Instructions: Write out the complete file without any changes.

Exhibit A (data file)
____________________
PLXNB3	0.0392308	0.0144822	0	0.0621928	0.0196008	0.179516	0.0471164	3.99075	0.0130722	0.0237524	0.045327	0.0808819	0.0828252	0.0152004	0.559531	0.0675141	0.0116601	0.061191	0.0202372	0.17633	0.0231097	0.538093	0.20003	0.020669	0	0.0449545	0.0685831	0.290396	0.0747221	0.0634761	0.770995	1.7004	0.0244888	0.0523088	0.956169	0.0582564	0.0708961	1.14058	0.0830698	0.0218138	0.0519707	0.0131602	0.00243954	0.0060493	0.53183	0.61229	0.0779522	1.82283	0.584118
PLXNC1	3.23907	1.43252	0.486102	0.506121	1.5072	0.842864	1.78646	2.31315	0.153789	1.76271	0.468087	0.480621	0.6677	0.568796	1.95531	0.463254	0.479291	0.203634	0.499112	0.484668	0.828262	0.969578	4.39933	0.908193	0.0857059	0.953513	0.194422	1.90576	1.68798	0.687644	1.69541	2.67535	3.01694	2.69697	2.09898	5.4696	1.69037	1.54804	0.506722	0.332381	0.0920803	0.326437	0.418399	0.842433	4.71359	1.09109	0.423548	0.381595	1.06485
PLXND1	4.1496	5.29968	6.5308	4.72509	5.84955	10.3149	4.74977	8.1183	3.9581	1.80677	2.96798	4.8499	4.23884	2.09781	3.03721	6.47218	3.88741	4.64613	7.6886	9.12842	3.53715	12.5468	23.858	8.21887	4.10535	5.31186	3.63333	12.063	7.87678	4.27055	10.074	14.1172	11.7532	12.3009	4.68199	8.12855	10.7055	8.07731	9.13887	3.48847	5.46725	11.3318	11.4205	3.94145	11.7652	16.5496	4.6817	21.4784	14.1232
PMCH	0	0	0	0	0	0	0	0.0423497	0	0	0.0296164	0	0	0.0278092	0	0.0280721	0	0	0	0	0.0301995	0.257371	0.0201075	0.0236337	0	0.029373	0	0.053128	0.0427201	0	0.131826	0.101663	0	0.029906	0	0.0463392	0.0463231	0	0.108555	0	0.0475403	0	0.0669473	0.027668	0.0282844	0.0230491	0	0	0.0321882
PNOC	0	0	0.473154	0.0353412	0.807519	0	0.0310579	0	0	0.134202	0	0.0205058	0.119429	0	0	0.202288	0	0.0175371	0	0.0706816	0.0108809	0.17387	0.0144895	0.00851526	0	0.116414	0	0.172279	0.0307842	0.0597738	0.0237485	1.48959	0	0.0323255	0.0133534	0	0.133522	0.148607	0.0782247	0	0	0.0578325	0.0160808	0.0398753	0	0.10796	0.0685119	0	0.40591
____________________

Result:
PLXNB3	0.0392308	0.0144822	0	0.0621928	0.0196008	0.179516	0.0471164	3.99075	0.0130722	0.0237524	0.045327	0.0808819	0.0828252	0.0152004	0.559531	0.0675141	0.0116601	0.061191	0.0202372	0.17633	0.0231097	0.538093	0.20003	0.020669	0	0.0449545	0.0685831	0.290396	0.0747221	0.0634761	0.770995	1.7004	0.0244888	0.0523088	0.956169	0.0582564	0.0708961	1.14058	0.0830698	0.0218138	0.0519707	0.0131602	0.00243954	0.0060493	0.53183	0.61229	0.0779522	1.82283	0.584118
PLXNC1	3.23907	1.43252	0.486102	0.506121	1.5072	0.842864	1.78646	2.31315	0.153789	1.76271	0.468087	0.480621	0.6677	0.568796	1.95531	0.463254	0.479291	0.203634	0.499112	0.484668	0.828262	0.969578	4.39933	0.908193	0.0857059	0.953513	0.194422	1.90576	1.68798	0.687644	1.69541	2.67535	3.01694	2.69697	2.09898	5.4696	1.69037	1.54804	0.506722	0.332381	0.0920803	0.326437	0.418399	0.842433	4.71359	1.09109	0.423548	0.381595	1.06485
PLXND1	4.1496	5.29968	6.5308	4.72509	5.84955	10.3149	4.74977	8.1183	3.9581	1.80677	2.96798	4.8499	4.23884	2.09781	3.03721	6.47218	3.88741	4.64613	7.6886	9.12842	3.53715	12.5468	23.858	8.21887	4.10535	5.31186	3.63333	12.063	7.87678	4.27055	10.074	14.1172	11.7532	12.3009	4.68199	8.12855	10.7055	8.07731	9.13887	3.48847	5.46725	11.3318	11.4205	3.94145	11.7652	16.5496	4.6817	21.4784	14.1232
PMCH	0	0	0	0	0	0	0	0.0423497	0	0	0.0296164	0	0	0.0278092	0	0.0280721	0	0	0	0	0.0301995	0.257371	0.0201075	0.0236337	0	0.029373	0	0.053128	0.0427201	0	0.131826	0.101663	0	0.029906	0	0.0463392	0.0463231	0	0.108555	0	0.0475403	0	0.0669473	0.027668	0.0282844	0.0230491	0	0	0.0321882
PNOC	0	0	0.473154	0.0353412	0.807519	0	0.0310579	0	0	0.134202	0	0.0205058	0.119429	0	0	0.202288	0	0.0175371	0	0.0706816	0.0108809	0.17387	0.0144895	0.00851526	0	0.116414	0	0.172279	0.0307842	0.0597738	0.0237485	1.48959	0	0.0323255	0.0133534	0	0.133522	0.148607	0.0782247	0	0	0.0578325	0.0160808	0.0398753	0	0.10796	0.0685119	0	0.40591